Published on November 16, 2015

You can learn to love Brussels sproutsYou can learn to love Brussels sprouts

Incorporating a variety of fruits and vegetables into your diet will make you healthier, a growing body of evidence suggests. But, learning to like some of the ones you hated as a child can prove challenging for some.

“Your taste buds have to go to school,” says Amy Rose Sager, dietitian for the Visiting Nurse Association of Cape Cod. “It doesn’t have to be a whole plate full or even a half a cup (of the new vegetable). It just has to be two or three bites over a period of a few weeks and your taste buds will become accustomed to it.”

Judging by the vegetables that top the list of the most commonly eaten vegetables in the U.S., Americans are not straying far from the old standbys. Potatoes and tomatoes are number one and two on the list, according to the United States Department of Agriculture. Two other items commonly found on fast food sandwiches, onions and lettuce, came in third and fourth.

White potatoes account for about 115 pounds of the 384 pounds-per-person of vegetables and legumes consumed in 2013. Two-thirds of those potatoes were eaten as French fries, chips and other processed foods.

People are fooling themselves if they think these foods constitute a healthy diet, says Sager, who also owns Leap into Wellness, a health and nutrition business.

“We need to get back to eating more minimally processed whole foods like whole grains and vegetables,” she says. “The benefits of a plant-based diet are to lower cholesterol, lower blood sugar and help with blood sugar control. You can reduce your risks of diseases and possibly even help reverse them.”

A large part of Sager’s job is to teach people, many of them seniors, how to incorporate more plants into their diets. She says many people think they don’t like vegetables because they ate them overcooked during their childhood and haven’t tried them since.

Besides introducing two or three bites of new vegetables at a meal, you can easily increase veggie intake by adding them to other dishes, says Sager. Soups are a simple way to add a variety of vegetables. If you are making lasagna, add spinach to it. Hummus is already healthy but it gets a flavor and nutritional boost if you add roasted butternut squash or pumpkin. It can then be used as a dip for raw veggies or a sandwich spread on whole grain bread.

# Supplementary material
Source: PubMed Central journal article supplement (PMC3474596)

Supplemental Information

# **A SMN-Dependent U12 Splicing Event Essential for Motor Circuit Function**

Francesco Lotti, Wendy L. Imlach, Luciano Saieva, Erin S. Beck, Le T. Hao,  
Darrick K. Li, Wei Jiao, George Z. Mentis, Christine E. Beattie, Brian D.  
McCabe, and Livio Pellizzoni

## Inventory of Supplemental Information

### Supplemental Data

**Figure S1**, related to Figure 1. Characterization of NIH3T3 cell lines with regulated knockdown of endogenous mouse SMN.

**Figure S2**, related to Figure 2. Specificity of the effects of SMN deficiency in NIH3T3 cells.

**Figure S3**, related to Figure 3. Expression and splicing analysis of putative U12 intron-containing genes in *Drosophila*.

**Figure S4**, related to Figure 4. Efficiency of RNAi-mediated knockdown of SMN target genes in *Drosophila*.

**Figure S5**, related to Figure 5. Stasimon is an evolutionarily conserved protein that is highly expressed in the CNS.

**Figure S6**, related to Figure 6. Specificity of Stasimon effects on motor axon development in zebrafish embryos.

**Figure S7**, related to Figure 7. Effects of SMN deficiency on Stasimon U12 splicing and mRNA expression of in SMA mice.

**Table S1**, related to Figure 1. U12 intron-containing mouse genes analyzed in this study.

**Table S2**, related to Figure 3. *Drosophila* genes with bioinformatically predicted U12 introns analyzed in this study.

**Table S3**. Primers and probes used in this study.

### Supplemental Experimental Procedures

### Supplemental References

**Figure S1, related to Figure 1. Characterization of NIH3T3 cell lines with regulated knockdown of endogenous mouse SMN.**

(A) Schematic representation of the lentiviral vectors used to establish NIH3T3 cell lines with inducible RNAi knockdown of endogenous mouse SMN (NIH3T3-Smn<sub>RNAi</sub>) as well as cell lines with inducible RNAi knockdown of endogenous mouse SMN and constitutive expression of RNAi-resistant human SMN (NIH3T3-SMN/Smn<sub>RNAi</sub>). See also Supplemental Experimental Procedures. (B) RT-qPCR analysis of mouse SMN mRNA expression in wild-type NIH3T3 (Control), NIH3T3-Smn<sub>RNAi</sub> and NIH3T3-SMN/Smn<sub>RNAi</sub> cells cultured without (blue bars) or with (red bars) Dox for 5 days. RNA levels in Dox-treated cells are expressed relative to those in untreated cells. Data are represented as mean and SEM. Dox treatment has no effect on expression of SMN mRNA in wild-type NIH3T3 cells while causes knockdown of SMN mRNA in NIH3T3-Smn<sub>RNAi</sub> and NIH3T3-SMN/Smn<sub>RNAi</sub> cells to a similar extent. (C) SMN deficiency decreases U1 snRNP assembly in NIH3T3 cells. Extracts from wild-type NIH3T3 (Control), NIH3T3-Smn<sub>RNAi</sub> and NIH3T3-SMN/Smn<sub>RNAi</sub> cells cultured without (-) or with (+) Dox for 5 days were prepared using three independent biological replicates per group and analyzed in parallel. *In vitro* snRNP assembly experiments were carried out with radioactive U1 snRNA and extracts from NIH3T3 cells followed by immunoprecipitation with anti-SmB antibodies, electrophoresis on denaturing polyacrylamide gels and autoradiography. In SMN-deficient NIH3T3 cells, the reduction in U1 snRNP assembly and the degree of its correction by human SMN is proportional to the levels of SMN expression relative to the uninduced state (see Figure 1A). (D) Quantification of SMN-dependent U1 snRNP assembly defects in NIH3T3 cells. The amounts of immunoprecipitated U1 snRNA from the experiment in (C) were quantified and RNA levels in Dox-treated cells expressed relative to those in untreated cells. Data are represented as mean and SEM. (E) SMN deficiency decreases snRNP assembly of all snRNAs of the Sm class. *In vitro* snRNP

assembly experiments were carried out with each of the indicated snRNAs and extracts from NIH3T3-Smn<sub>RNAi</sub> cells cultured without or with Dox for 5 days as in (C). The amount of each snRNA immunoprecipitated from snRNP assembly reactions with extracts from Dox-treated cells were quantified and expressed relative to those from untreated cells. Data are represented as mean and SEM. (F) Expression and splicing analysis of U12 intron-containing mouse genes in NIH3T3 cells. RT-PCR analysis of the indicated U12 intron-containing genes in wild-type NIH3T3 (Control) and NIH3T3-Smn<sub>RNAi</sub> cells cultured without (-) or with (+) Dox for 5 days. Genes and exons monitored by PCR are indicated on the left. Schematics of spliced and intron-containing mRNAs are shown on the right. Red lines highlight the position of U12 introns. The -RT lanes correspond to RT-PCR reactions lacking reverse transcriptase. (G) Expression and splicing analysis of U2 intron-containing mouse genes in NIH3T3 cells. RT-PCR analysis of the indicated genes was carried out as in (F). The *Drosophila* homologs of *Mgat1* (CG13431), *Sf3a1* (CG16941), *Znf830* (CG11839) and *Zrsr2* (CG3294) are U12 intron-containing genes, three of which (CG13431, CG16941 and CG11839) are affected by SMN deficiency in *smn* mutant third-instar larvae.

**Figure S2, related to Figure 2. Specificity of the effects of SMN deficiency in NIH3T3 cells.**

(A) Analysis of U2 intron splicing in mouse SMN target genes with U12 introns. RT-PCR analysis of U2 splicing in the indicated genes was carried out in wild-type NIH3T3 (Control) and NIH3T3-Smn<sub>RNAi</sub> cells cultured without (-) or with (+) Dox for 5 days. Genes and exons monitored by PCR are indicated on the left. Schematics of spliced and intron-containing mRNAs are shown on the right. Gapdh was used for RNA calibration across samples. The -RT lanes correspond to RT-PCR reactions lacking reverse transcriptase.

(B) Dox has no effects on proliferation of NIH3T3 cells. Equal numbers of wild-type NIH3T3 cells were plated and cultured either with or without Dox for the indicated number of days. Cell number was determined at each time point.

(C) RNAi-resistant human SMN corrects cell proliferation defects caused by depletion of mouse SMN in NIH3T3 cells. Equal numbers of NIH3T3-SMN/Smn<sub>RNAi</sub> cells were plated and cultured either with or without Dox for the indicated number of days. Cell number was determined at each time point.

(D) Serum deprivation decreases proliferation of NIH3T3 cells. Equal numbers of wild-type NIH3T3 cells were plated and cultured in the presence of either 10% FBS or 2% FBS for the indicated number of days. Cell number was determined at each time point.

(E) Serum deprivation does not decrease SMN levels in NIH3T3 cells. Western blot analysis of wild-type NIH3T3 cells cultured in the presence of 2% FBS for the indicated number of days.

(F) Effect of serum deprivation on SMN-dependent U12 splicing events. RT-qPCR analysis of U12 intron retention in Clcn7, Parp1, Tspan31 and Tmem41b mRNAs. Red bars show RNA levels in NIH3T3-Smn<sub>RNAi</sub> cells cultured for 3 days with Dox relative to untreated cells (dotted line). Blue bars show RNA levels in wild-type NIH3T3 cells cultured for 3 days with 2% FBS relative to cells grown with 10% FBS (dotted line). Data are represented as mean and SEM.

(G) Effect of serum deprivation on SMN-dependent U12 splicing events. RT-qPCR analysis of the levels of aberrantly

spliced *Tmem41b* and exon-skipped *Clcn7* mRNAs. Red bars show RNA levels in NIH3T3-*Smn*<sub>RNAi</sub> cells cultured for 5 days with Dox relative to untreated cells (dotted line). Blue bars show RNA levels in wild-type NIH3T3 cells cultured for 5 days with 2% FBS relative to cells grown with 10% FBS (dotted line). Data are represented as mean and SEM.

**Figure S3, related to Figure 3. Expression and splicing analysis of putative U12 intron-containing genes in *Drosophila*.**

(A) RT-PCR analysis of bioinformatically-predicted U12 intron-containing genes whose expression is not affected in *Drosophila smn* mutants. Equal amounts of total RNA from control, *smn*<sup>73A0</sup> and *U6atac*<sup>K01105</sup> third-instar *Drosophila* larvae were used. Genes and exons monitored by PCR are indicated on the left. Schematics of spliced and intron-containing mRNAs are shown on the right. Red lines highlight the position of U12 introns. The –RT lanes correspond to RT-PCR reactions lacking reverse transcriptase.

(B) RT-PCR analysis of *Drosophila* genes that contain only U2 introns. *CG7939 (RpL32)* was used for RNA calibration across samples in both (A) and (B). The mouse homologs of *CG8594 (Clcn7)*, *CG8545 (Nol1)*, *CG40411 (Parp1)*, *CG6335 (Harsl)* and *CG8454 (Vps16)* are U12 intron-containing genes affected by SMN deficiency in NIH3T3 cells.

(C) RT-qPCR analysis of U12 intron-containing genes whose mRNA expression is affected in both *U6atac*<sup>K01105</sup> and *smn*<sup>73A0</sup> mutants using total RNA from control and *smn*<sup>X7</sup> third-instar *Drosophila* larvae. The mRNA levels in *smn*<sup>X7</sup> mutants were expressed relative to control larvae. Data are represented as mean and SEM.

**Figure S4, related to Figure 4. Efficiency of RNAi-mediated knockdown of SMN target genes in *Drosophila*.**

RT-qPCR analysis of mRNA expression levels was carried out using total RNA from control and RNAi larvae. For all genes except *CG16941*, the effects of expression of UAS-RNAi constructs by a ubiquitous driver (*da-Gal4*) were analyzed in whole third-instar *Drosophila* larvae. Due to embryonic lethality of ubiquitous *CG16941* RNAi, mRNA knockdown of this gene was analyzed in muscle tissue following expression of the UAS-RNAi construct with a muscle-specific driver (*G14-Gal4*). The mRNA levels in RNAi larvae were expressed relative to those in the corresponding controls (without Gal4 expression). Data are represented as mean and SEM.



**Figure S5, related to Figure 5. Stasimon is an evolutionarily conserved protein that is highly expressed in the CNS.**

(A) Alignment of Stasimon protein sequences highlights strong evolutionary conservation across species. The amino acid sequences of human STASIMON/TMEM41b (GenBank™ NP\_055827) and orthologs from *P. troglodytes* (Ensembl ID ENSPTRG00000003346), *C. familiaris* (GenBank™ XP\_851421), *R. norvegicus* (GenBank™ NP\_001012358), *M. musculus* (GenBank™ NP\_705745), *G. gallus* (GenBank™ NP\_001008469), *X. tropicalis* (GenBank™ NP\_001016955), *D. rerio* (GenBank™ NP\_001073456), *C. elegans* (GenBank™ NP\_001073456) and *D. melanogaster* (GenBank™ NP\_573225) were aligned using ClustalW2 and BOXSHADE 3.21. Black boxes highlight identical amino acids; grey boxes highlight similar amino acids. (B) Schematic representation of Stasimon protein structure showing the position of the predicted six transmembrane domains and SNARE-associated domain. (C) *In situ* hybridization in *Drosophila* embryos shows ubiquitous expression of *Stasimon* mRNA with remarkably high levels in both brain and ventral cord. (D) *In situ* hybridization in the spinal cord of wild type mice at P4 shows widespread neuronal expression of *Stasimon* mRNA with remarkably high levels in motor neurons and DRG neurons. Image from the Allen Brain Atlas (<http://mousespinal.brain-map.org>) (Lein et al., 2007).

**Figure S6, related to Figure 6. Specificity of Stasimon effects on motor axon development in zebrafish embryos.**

“The more color vegetables have, the more phytochemicals and antioxidants they have that help to prevent disease,” Sager says. “We get different benefits from different vegetables. Our leafy greens should really be a big part of our diet. The more we can incorporate them the better.”

Leafy greens with tons of vitamins include:

  • Bok choy
  • Arugula
  • Kale
  • Swiss chard
  • Spinach

Carrots are an excellent source of nutrition, she adds. And vegetables like Brussels sprouts, broccoli and asparagus take on a whole different flavor when you roast them in the oven, because they caramelize and become sweeter. The goal is to fill at least half your plate with vegetables and make meat more of a condiment than the main attraction.

“If you eat more plant foods and vegetables you’re going to be eating less processed foods, so your diet is going to be lower in sodium,” Sager says. “So it’s also going to help people with congested heart failure and high blood pressure.”

Still craving potatoes and tomatoes? Those vegetables aren’t villains, but the preparation matters, she says. How about tossing some baby Yukon gold potatoes with some vine-ripened tomatoes in a baking dish? Then add some chopped red onion, rosemary and fresh bay leaves and mix one tablespoon of tamari with one cup of water and bake at 425 degrees for 30 minutes.

For more plant healthy recipes like this visit Forks Over Knives.